Both the Acer Chromebook 14 for Work and the ThinkPad 13 Chromebook (another For Work model) are MIL-STD-810G certified, meaning they're capable of passing durability testing that U.S. Military equipment must pass. The Acer Chromebook 14 For Work can survive extreme temperatures (minus 20.2 degrees to 140 degrees Fahrenheit), humidity, vibration, rain, sand and dust.
Durable Chromebooks aren't just for adults. The kid-friendly Acer Chromebook 11 N7 C731T survived a full glass of water getting spilled onto its keyboard, as well as the 48-inch high drops from our Dropbot 5000. It may have gotten scuffed along the way, but it's a good option for clumsier users.
Manageability and Security
Chromebook for Work models also offer tools that IT administrators need to manage laptops in and out of the office. The Lenovo ThinkPad 13 Chromebook and Google's Pixelbook include the Trusted Platform Module, a security chip that helps keep malicious attackers away from your passwords.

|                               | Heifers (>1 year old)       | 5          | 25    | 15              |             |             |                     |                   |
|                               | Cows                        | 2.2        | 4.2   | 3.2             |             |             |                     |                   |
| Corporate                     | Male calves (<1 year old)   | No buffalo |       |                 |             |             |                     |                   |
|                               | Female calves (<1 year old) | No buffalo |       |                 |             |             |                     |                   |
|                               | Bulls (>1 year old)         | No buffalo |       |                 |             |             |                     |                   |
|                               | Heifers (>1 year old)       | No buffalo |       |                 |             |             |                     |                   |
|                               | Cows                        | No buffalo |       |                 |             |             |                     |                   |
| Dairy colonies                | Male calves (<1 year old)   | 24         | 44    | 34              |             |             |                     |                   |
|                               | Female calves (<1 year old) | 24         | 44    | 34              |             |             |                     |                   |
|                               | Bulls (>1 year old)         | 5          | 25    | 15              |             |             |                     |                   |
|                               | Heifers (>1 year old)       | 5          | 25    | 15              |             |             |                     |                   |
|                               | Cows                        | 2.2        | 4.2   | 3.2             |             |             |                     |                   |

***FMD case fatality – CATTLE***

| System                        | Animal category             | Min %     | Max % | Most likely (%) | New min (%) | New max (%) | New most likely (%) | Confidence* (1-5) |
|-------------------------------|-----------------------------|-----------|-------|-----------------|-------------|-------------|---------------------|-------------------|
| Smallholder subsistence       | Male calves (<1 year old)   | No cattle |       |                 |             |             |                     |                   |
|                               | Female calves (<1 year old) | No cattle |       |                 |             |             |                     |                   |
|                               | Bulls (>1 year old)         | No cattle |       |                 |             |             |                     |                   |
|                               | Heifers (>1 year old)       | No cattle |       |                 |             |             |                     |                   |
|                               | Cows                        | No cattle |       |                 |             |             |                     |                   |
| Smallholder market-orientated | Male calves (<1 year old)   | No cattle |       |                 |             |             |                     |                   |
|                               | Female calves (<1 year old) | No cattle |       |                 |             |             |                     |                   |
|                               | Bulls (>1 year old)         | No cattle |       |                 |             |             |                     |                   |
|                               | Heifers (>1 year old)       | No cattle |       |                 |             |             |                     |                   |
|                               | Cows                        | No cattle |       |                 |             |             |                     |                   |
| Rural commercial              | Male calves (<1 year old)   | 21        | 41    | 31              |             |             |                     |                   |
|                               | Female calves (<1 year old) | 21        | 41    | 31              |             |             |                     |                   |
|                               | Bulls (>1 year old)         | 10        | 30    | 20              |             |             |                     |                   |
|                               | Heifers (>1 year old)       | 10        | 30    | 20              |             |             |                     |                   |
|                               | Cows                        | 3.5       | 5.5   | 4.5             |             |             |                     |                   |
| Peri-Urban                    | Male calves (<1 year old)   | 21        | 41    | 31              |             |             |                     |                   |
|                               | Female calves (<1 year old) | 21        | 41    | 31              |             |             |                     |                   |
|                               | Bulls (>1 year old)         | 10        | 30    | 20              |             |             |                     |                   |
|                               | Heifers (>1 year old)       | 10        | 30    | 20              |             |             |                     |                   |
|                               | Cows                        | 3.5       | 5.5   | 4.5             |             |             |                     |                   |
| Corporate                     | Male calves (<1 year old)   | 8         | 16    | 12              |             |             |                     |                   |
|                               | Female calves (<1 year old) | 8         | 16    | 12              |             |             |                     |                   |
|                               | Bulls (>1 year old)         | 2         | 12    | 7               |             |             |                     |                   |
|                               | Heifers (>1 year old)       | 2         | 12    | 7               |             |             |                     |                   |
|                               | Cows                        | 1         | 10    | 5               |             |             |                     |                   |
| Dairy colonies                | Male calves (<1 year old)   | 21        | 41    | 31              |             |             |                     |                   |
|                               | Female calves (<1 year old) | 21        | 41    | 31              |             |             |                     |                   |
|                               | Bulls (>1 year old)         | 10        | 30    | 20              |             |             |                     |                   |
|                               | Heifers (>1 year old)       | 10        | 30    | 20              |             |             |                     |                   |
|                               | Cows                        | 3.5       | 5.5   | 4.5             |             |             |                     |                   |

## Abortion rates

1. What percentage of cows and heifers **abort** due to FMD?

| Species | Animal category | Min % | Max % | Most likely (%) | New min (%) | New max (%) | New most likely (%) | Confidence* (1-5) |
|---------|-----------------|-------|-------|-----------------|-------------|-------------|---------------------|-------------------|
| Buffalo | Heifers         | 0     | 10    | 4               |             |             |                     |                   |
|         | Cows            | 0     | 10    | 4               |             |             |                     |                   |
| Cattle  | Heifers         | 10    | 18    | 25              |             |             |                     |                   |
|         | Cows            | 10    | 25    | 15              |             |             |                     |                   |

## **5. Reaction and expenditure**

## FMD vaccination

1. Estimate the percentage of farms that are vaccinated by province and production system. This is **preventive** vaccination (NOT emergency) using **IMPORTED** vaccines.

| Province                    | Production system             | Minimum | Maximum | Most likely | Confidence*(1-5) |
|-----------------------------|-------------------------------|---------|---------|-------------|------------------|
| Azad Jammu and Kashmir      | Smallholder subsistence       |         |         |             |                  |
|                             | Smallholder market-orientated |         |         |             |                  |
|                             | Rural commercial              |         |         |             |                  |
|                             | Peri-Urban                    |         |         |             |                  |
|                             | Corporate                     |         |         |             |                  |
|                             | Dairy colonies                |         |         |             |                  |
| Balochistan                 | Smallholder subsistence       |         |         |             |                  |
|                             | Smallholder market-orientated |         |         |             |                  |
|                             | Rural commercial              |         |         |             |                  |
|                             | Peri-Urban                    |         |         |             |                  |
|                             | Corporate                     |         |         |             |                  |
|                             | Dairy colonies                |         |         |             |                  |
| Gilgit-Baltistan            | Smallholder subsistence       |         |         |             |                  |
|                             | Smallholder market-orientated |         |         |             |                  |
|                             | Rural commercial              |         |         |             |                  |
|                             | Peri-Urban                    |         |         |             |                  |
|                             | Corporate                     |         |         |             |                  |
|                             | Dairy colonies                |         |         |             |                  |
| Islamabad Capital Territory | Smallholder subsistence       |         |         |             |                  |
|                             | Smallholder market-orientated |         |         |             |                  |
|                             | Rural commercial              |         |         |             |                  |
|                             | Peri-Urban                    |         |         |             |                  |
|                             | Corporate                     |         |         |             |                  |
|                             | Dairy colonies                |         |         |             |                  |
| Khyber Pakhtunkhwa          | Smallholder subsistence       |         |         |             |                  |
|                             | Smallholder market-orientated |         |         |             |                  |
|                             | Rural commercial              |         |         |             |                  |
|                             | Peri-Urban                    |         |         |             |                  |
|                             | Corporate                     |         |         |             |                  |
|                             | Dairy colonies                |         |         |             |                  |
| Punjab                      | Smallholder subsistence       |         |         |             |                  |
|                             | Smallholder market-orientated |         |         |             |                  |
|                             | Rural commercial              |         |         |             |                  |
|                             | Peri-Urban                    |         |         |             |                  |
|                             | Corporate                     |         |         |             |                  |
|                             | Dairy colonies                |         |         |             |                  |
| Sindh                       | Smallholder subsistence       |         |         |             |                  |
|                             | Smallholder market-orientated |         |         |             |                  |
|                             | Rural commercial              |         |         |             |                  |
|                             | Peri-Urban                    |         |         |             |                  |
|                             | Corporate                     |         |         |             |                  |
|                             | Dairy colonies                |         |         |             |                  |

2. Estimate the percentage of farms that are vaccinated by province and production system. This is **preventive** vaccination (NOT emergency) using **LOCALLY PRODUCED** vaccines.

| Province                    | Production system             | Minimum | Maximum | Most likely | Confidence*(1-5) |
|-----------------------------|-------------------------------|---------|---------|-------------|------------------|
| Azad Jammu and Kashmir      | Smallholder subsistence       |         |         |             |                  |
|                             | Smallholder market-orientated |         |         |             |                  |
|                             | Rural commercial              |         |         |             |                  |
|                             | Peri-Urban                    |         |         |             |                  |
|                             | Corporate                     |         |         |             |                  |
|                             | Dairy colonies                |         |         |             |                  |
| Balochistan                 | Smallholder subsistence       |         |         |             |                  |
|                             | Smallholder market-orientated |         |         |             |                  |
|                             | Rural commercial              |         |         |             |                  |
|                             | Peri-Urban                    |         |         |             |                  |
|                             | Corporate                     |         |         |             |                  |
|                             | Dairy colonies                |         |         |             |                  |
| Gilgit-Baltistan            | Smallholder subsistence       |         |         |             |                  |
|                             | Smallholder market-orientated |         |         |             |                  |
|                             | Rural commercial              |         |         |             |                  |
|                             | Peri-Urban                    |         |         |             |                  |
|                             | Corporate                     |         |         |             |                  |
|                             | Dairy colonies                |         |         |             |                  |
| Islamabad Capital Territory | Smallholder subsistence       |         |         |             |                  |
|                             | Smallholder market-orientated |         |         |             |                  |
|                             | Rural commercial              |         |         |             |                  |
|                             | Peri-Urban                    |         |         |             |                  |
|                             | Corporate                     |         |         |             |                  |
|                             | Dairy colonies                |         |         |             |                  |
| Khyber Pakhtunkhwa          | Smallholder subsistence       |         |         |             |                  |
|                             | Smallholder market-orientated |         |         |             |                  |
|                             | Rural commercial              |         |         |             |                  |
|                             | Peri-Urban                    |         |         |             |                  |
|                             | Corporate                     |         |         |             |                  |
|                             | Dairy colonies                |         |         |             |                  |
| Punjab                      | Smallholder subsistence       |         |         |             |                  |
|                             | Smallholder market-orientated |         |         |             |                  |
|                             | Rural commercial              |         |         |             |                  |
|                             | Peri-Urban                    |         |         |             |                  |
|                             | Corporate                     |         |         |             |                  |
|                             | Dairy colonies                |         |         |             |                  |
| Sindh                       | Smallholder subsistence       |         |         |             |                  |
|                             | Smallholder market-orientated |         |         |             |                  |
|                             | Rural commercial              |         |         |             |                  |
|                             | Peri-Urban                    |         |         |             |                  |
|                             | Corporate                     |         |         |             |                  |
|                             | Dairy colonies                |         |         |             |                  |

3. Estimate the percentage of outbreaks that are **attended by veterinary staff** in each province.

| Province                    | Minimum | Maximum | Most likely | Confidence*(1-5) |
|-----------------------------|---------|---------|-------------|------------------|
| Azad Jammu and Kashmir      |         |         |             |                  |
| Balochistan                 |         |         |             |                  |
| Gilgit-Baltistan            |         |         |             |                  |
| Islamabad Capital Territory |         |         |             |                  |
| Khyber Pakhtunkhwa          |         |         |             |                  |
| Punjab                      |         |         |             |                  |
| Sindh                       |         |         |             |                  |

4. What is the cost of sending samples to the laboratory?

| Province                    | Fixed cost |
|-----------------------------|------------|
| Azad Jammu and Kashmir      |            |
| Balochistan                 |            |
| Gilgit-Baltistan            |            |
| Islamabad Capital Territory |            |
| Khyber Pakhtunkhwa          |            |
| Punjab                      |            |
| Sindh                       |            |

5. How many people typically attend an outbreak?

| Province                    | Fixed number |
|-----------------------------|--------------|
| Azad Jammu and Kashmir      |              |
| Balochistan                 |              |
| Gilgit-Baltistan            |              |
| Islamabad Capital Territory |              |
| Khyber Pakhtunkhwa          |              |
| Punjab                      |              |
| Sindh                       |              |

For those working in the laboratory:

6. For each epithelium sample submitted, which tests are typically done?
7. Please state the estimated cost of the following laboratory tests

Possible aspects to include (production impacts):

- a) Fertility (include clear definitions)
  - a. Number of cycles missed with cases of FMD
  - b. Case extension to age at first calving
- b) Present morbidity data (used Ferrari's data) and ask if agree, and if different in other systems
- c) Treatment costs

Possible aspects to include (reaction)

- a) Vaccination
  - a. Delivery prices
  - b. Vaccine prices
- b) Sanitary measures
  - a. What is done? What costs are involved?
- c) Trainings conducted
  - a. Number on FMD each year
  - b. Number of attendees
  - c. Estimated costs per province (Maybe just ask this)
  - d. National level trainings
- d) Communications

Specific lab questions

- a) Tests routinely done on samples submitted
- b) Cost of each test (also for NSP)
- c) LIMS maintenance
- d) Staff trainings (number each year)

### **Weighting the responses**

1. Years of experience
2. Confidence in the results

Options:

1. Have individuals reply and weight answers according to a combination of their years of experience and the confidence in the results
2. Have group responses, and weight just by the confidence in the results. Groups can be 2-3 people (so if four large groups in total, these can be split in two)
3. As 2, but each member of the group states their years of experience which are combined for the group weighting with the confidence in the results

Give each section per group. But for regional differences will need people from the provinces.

What Size Screen Do I Need?
Most Chromebooks fall between 11 and 13 inches. That means you won't have trouble choosing a smaller model, such as the 11-inch Acer Chromebook 11 N7 , the 12.5-inch Asus Chromebook Flip C302CA and the 13-inch ThinkPad 13 Chromebook.
These models often weigh less than 3 pounds, making them the most portable, and great options for kids. However, the screen size and keyboards may seem cramped for adults.
Those looking for more real estate for Web surfing, getting work done, watching movies and playing games can pick up the 14-inch Acer Chromebook 14 for Work, or the 15-inch Acer Chromebook 15, some of the few Chrome OS notebooks above 13 inches. Unfortunately, both are on the older end of the spectrum, as there hasn't been much demand for large Chromebooks. Don't even look for a 17-inch Chromebook; they're not out there.
The Acer Chromebook 715 and 714 are recently announced 15.6-inch and 14-inch aluminum notebooks with fingerprint readers. The Chromebook 715 also sports a number pad.
What Specs Do I Need?